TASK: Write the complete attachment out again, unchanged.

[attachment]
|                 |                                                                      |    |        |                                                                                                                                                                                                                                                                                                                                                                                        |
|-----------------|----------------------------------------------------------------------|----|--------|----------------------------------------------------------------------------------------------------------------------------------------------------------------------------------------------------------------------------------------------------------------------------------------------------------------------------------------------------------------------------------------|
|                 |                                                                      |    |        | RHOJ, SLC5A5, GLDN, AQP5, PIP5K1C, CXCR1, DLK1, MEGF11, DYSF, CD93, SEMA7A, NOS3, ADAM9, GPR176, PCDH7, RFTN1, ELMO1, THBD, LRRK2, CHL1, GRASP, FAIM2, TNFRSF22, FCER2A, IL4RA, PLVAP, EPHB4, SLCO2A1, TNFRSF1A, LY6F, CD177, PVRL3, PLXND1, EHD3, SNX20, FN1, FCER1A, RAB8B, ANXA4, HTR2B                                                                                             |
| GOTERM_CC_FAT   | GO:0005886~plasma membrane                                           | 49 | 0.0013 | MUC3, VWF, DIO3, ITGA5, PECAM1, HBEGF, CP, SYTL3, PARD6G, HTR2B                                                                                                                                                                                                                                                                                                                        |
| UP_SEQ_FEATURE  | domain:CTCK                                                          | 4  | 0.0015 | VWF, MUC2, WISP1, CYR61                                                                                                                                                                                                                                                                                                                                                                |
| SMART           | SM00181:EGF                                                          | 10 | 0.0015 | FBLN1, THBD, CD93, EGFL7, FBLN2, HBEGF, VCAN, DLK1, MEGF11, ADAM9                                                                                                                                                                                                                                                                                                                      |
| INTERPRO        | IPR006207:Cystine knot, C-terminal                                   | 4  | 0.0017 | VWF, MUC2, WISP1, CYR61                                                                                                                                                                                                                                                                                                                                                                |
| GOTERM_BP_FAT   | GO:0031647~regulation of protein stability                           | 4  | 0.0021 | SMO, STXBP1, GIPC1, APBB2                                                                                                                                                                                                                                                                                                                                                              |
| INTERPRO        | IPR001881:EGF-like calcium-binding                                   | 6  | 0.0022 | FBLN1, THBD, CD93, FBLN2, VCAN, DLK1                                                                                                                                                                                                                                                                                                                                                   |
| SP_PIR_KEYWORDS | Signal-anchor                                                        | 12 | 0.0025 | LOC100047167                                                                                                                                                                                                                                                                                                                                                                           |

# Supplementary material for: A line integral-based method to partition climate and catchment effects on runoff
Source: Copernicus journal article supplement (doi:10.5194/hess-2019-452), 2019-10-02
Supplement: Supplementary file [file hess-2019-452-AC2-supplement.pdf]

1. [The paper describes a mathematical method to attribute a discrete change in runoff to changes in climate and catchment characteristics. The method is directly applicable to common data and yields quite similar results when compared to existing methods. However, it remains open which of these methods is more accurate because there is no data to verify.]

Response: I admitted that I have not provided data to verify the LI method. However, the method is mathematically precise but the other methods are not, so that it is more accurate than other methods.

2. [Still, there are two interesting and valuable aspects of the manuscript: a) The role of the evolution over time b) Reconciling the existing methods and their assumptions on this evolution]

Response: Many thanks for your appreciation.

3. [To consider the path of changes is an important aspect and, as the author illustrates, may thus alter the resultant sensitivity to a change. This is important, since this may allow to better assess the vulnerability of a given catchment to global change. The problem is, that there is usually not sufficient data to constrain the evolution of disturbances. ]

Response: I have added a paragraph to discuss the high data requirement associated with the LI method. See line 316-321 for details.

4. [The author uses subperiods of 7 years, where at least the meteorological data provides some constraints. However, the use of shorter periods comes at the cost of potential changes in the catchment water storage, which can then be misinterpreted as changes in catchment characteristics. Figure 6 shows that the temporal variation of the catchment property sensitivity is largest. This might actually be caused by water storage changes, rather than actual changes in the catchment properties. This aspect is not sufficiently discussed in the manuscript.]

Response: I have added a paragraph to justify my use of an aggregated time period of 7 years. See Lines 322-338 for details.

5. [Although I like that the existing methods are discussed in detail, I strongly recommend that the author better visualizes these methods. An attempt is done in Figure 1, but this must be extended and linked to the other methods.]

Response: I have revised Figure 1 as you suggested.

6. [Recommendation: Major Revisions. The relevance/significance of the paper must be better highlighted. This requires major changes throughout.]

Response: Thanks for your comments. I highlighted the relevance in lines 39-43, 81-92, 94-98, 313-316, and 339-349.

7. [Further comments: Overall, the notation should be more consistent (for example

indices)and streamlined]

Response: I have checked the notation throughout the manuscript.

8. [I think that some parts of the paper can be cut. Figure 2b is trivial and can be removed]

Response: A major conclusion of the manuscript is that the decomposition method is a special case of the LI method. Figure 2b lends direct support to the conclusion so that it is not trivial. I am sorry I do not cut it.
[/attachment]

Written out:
|                 |                                                                      |    |        |                                                                                                                                                                                                                                                                                                                                                                                        |
|-----------------|----------------------------------------------------------------------|----|--------|----------------------------------------------------------------------------------------------------------------------------------------------------------------------------------------------------------------------------------------------------------------------------------------------------------------------------------------------------------------------------------------|
|                 |                                                                      |    |        | RHOJ, SLC5A5, GLDN, AQP5, PIP5K1C, CXCR1, DLK1, MEGF11, DYSF, CD93, SEMA7A, NOS3, ADAM9, GPR176, PCDH7, RFTN1, ELMO1, THBD, LRRK2, CHL1, GRASP, FAIM2, TNFRSF22, FCER2A, IL4RA, PLVAP, EPHB4, SLCO2A1, TNFRSF1A, LY6F, CD177, PVRL3, PLXND1, EHD3, SNX20, FN1, FCER1A, RAB8B, ANXA4, HTR2B                                                                                             |
| GOTERM_CC_FAT   | GO:0005886~plasma membrane                                           | 49 | 0.0013 | MUC3, VWF, DIO3, ITGA5, PECAM1, HBEGF, CP, SYTL3, PARD6G, HTR2B                                                                                                                                                                                                                                                                                                                        |
| UP_SEQ_FEATURE  | domain:CTCK                                                          | 4  | 0.0015 | VWF, MUC2, WISP1, CYR61                                                                                                                                                                                                                                                                                                                                                                |
| SMART           | SM00181:EGF                                                          | 10 | 0.0015 | FBLN1, THBD, CD93, EGFL7, FBLN2, HBEGF, VCAN, DLK1, MEGF11, ADAM9                                                                                                                                                                                                                                                                                                                      |
| INTERPRO        | IPR006207:Cystine knot, C-terminal                                   | 4  | 0.0017 | VWF, MUC2, WISP1, CYR61                                                                                                                                                                                                                                                                                                                                                                |
| GOTERM_BP_FAT   | GO:0031647~regulation of protein stability                           | 4  | 0.0021 | SMO, STXBP1, GIPC1, APBB2                                                                                                                                                                                                                                                                                                                                                              |
| INTERPRO        | IPR001881:EGF-like calcium-binding                                   | 6  | 0.0022 | FBLN1, THBD, CD93, FBLN2, VCAN, DLK1                                                                                                                                                                                                                                                                                                                                                   |
| SP_PIR_KEYWORDS | Signal-anchor                                                        | 12 | 0.0025 | LOC100047167                                                                                                                                                                                                                                                                                                                                                                           |

# Supplementary material for: A line integral-based method to partition climate and catchment effects on runoff
Source: Copernicus journal article supplement (doi:10.5194/hess-2019-452), 2019-10-02
Supplement: Supplementary file [file hess-2019-452-AC2-supplement.pdf]

1. [The paper describes a mathematical method to attribute a discrete change in runoff to changes in climate and catchment characteristics. The method is directly applicable to common data and yields quite similar results when compared to existing methods. However, it remains open which of these methods is more accurate because there is no data to verify.]

Response: I admitted that I have not provided data to verify the LI method. However, the method is mathematically precise but the other methods are not, so that it is more accurate than other methods.

2. [Still, there are two interesting and valuable aspects of the manuscript: a) The role of the evolution over time b) Reconciling the existing methods and their assumptions on this evolution]

Response: Many thanks for your appreciation.

3. [To consider the path of changes is an important aspect and, as the author illustrates, may thus alter the resultant sensitivity to a change. This is important, since this may allow to better assess the vulnerability of a given catchment to global change. The problem is, that there is usually not sufficient data to constrain the evolution of disturbances. ]

Response: I have added a paragraph to discuss the high data requirement associated with the LI method. See line 316-321 for details.

4. [The author uses subperiods of 7 years, where at least the meteorological data provides some constraints. However, the use of shorter periods comes at the cost of potential changes in the catchment water storage, which can then be misinterpreted as changes in catchment characteristics. Figure 6 shows that the temporal variation of the catchment property sensitivity is largest. This might actually be caused by water storage changes, rather than actual changes in the catchment properties. This aspect is not sufficiently discussed in the manuscript.]

Response: I have added a paragraph to justify my use of an aggregated time period of 7 years. See Lines 322-338 for details.

5. [Although I like that the existing methods are discussed in detail, I strongly recommend that the author better visualizes these methods. An attempt is done in Figure 1, but this must be extended and linked to the other methods.]

Response: I have revised Figure 1 as you suggested.

6. [Recommendation: Major Revisions. The relevance/significance of the paper must be better highlighted. This requires major changes throughout.]

Response: Thanks for your comments. I highlighted the relevance in lines 39-43, 81-92, 94-98, 313-316, and 339-349.

7. [Further comments: Overall, the notation should be more consistent (for example

indices)and streamlined]

Response: I have checked the notation throughout the manuscript.

8. [I think that some parts of the paper can be cut. Figure 2b is trivial and can be removed]

Response: A major conclusion of the manuscript is that the decomposition method is a special case of the LI method. Figure 2b lends direct support to the conclusion so that it is not trivial. I am sorry I do not cut it.